International safety standards for nuclear power plants call for "defense in depth," including measures to prevent damage from accidents beyond the scope of assumptions and to protect the safety of residents near such power stations. However, Japan's current nuclear plant safety measures do not meet international standards. The executive and legislative branches of accident investigation panels have not completed their investigations into the Fukushima crisis, which should be reflected in safety measures. Therefore, the prime minister has admitted that the current safety standards are only provisional.
The government is set to merge the Nuclear Safety Commission and the Nuclear and Industrial Safety Agency (NISA) into a "nuclear power regulatory commission" by September, and the new panel will work out new safety standards. The standards are expected to come into force sometime around summer 2013. The new standards should apply to reactivation of nuclear reactors other than Oi, and as the governments of Shiga and Kyoto prefectures that neighbor Fukui demand, operations at Oi's No. 3 and 4 reactors should be limited to summer when the consumption of electric power surges.
NISA has instructed electric power companies to re-examine faults situated around their nuclear plants following the finding that a fault in Fukushima Prefecture, which had been believed to be stable, actually moved as a result of aftershocks following the Great East Japan Earthquake.
There is a "fracture zone," a kind of fault, just below the Oi plant. Some experts have warned that the fault is posing a danger to the plant even though NISA denies it. The new regulatory panel will be required to review the established evaluations of faults around nuclear power stations across the country.
Noda held the news conference because Fukui Gov. Nishikawa urged the prime minister to appeal to the public that nuclear power plants are important for Japan and that the Oi plant needs to be reactivated.
Fukui Prefecture is home to 13 commercial nuclear reactors -- 11 operated by KEPCO including Oi's No. 3 and 4 plants, and two run by Japan Atomic Power Co. -- as well as the Monju prototype fast-breeder reactor. If Japan steadily decreases its dependence on nuclear power, it will have a serious impact on the regional economy. Gov. Nishikawa took advantage of an anticipated power shortage in summer to draw such bold remarks from the prime minister.
However, the Fukushima nuclear crisis has reminded us that once an accident occurs at a nuclear power station, it will cause damage across prefectural borders and adversely affect all of Japan. It is essential for both electric power supplying and consuming regions to cooperate in seeking specific ways to slash Japan's reliance on nuclear power and vitalize the regional economy.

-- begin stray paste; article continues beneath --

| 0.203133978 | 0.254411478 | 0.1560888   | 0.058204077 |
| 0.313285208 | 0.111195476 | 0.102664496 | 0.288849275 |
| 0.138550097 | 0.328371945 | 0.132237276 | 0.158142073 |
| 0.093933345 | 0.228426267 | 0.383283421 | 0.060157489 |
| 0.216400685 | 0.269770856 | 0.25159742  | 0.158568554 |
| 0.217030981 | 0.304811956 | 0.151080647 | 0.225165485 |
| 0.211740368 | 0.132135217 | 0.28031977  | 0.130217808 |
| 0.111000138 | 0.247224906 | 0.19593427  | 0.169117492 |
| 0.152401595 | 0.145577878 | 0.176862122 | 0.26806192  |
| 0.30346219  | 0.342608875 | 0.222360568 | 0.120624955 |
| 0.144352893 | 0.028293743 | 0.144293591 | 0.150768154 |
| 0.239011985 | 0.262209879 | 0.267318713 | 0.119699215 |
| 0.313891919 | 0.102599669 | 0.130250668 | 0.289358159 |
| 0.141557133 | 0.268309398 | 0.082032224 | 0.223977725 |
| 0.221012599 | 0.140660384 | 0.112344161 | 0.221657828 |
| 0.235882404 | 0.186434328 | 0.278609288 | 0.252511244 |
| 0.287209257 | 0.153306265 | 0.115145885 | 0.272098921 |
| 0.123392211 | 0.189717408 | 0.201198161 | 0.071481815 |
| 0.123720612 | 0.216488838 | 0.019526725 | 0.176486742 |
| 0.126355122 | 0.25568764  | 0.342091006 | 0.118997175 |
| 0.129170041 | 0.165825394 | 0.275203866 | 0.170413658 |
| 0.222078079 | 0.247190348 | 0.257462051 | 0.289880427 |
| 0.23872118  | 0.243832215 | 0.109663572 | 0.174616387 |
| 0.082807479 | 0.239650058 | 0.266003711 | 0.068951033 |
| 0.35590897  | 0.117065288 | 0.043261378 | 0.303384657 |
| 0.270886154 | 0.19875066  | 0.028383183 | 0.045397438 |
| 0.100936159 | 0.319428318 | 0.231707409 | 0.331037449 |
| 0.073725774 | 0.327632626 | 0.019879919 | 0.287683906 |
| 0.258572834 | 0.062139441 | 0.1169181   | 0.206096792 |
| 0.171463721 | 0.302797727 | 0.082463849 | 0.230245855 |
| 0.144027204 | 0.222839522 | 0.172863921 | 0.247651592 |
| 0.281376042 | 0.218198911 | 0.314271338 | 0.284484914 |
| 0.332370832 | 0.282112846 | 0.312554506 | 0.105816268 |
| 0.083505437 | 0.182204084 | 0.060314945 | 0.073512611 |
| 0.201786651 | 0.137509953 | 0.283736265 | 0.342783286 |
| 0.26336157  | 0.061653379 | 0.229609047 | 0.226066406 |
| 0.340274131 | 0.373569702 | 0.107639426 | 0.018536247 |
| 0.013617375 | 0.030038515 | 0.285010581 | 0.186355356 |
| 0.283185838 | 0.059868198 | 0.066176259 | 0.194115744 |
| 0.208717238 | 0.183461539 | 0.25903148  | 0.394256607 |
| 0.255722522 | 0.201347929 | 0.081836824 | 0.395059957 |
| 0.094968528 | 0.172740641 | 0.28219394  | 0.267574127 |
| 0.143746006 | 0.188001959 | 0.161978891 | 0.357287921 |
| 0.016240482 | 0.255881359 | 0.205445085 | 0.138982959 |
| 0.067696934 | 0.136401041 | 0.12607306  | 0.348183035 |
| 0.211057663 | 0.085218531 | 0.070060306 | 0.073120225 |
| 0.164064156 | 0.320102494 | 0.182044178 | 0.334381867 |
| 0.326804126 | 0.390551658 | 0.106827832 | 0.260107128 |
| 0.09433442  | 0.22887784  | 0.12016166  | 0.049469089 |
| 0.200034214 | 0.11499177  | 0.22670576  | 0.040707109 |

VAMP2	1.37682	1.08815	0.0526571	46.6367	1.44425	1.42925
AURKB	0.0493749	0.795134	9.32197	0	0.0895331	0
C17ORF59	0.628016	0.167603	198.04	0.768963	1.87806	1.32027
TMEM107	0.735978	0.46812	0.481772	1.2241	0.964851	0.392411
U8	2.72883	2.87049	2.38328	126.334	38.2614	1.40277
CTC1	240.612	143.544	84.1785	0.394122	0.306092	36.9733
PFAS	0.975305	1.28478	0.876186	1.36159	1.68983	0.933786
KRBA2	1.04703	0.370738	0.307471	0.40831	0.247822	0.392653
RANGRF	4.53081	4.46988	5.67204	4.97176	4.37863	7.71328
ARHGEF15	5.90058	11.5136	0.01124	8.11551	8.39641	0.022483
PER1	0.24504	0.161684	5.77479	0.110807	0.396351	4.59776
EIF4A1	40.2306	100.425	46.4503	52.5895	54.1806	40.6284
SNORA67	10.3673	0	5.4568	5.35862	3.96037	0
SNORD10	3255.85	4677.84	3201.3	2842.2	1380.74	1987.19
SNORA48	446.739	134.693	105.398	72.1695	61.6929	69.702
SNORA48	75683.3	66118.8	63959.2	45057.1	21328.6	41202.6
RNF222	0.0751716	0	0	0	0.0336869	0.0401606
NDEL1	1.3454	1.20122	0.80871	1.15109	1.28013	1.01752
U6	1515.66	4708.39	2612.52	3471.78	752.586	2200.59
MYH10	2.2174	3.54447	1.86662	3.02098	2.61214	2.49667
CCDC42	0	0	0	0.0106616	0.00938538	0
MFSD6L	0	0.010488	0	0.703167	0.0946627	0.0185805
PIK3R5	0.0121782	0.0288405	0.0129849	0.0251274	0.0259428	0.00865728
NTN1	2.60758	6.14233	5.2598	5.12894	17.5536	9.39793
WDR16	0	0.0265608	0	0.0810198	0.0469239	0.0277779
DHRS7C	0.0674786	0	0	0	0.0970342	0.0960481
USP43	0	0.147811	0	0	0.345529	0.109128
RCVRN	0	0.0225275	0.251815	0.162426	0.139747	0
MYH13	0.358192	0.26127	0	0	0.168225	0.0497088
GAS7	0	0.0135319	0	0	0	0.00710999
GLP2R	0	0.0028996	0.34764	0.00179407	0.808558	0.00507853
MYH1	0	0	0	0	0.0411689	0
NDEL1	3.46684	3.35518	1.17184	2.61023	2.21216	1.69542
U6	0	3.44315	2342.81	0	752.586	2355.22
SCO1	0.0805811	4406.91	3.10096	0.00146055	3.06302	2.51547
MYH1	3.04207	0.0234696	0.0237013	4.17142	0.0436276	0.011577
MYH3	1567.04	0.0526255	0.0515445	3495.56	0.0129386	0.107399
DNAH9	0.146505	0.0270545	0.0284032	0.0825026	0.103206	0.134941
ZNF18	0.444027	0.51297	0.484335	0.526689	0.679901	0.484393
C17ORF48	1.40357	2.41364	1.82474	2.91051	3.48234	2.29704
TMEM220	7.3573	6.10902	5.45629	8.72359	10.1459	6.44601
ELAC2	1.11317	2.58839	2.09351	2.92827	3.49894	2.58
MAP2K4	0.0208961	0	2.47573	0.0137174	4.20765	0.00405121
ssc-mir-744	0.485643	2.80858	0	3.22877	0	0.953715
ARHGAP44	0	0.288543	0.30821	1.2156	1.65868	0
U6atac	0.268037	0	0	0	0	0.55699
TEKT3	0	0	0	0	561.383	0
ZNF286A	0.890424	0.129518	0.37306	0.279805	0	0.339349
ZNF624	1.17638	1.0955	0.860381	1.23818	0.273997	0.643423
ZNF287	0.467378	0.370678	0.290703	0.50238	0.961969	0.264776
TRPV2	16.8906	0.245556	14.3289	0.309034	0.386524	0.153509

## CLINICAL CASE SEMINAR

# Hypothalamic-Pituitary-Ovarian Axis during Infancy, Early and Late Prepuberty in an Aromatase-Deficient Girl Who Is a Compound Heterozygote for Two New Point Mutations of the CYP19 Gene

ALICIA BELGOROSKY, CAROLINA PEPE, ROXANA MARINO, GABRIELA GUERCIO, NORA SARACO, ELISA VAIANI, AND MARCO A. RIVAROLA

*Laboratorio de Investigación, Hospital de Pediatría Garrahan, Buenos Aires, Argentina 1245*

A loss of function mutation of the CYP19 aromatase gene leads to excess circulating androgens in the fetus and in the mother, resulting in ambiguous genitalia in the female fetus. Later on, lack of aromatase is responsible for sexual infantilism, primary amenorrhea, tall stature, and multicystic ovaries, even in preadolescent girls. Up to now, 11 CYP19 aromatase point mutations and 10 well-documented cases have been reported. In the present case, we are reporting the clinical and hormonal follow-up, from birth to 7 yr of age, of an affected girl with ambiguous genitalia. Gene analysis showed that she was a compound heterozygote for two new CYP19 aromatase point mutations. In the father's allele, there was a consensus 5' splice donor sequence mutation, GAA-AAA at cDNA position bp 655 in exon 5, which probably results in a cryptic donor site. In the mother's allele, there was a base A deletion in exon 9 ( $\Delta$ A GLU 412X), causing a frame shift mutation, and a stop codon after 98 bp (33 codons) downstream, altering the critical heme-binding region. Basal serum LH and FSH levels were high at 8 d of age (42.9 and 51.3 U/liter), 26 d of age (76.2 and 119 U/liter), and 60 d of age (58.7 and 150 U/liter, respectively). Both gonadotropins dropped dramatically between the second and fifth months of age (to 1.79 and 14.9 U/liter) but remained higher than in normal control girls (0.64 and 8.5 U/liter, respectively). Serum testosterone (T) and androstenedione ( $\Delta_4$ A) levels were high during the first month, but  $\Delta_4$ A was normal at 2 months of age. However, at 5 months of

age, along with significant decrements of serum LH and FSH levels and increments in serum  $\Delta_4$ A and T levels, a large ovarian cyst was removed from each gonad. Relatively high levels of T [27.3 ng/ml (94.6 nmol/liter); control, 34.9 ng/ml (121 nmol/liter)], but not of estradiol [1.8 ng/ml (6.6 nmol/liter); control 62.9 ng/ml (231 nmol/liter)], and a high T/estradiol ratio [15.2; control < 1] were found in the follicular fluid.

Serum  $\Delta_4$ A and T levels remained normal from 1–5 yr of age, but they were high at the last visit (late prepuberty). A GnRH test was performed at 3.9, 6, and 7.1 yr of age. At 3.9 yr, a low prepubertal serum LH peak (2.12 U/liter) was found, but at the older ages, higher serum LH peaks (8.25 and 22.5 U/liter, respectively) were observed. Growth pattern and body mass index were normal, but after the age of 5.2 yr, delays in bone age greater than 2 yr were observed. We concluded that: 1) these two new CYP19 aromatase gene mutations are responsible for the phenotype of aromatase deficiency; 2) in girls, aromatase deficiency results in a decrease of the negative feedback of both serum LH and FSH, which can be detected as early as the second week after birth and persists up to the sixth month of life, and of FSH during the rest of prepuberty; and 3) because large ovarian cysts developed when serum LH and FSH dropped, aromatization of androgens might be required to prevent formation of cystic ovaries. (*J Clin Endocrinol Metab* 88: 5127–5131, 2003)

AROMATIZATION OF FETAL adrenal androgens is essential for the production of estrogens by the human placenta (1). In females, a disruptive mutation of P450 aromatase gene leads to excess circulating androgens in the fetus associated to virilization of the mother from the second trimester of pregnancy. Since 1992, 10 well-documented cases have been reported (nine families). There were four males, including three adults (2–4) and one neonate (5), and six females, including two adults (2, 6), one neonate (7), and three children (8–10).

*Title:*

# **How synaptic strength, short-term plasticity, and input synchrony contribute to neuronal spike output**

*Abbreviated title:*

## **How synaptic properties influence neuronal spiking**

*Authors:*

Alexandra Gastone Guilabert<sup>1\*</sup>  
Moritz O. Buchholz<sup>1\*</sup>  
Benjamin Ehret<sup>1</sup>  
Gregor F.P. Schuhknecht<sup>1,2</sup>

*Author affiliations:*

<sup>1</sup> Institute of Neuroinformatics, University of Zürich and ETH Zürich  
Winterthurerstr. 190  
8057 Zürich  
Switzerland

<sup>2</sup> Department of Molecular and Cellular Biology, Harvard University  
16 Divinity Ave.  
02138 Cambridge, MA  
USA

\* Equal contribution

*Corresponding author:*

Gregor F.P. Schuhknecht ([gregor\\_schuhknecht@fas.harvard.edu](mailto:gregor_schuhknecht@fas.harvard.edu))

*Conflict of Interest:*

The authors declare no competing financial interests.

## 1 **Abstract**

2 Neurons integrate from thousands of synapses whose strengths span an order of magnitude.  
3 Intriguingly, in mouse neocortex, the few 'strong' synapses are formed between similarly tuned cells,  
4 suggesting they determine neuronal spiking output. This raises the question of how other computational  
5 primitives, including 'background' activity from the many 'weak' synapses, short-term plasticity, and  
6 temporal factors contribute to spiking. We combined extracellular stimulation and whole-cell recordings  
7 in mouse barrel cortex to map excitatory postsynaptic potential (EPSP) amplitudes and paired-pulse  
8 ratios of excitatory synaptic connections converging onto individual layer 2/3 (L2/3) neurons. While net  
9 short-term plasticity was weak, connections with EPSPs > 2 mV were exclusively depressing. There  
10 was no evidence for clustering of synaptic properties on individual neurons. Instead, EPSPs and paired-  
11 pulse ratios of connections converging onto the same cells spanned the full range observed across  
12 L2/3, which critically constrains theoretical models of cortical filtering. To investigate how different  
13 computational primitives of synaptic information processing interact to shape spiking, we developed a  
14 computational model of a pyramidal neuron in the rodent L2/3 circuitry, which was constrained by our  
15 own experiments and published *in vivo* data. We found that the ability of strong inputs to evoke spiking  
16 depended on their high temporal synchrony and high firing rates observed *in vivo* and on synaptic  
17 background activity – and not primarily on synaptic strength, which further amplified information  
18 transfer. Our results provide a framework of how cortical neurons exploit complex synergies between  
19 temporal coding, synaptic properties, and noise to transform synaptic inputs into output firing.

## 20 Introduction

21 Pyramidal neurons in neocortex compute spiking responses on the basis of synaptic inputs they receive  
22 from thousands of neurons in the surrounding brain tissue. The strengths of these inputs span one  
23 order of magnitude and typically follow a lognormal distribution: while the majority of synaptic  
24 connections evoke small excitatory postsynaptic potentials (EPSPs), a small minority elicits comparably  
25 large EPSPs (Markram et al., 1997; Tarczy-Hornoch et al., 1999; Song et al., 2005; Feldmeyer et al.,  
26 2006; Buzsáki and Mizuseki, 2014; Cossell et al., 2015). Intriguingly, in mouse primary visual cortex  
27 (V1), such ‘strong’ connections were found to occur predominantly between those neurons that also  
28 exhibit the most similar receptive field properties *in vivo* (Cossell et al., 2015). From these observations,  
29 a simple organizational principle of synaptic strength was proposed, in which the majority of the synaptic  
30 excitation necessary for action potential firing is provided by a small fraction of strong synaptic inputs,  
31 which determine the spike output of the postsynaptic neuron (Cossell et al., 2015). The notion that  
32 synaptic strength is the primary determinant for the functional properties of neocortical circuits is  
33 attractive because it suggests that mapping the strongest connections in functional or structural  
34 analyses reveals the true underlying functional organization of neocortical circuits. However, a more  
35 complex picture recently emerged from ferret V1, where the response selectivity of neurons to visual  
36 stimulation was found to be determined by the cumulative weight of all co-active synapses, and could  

Even if operations at Oi's No. 3 and 4 reactors are resumed, electric power will still be in short supply mainly in KEPCO's service area. The government should not relax its energy-saving policy. The serious electric power shortage in the wake of the outbreak of the Fukushima nuclear crisis has reminded members of the public of the need to save electric power, and prompted businesses to take various measures to reduce their power consumption. Now is a good opportunity to speed up the transformation of Japan into an energy-saving society.
According to an opinion poll that the Mainichi Shimbun conducted on June 2 and 3, 71 percent of respondents said the government does not need to rush to reactivate Oi's No. 3 and 4 reactors. When asked if the pollees can tolerate the situation if the reactors cannot be reactivated by summer and their electricity consumption at their homes and workplaces is restricted, 77 percent answered in the affirmative, far above 19 percent who said they cannot.
So-called "negawatt power" transactions, in which power suppliers pay fees depending on the amounts of power saved, and the expansion of power interchanges between utilities should be promoted regardless of whether Japan should cut back on its reliance on atomic power. These measures will help overcome a possible shortage of electricity and reduce a surplus in electric power generation facilities. Consumers are also urged to review their lifestyles in an effort to reduce their electric power consumption in summer. We can strive a step closer to a society without nuclear power stations by experiencing a power shortage in summer and overcoming it.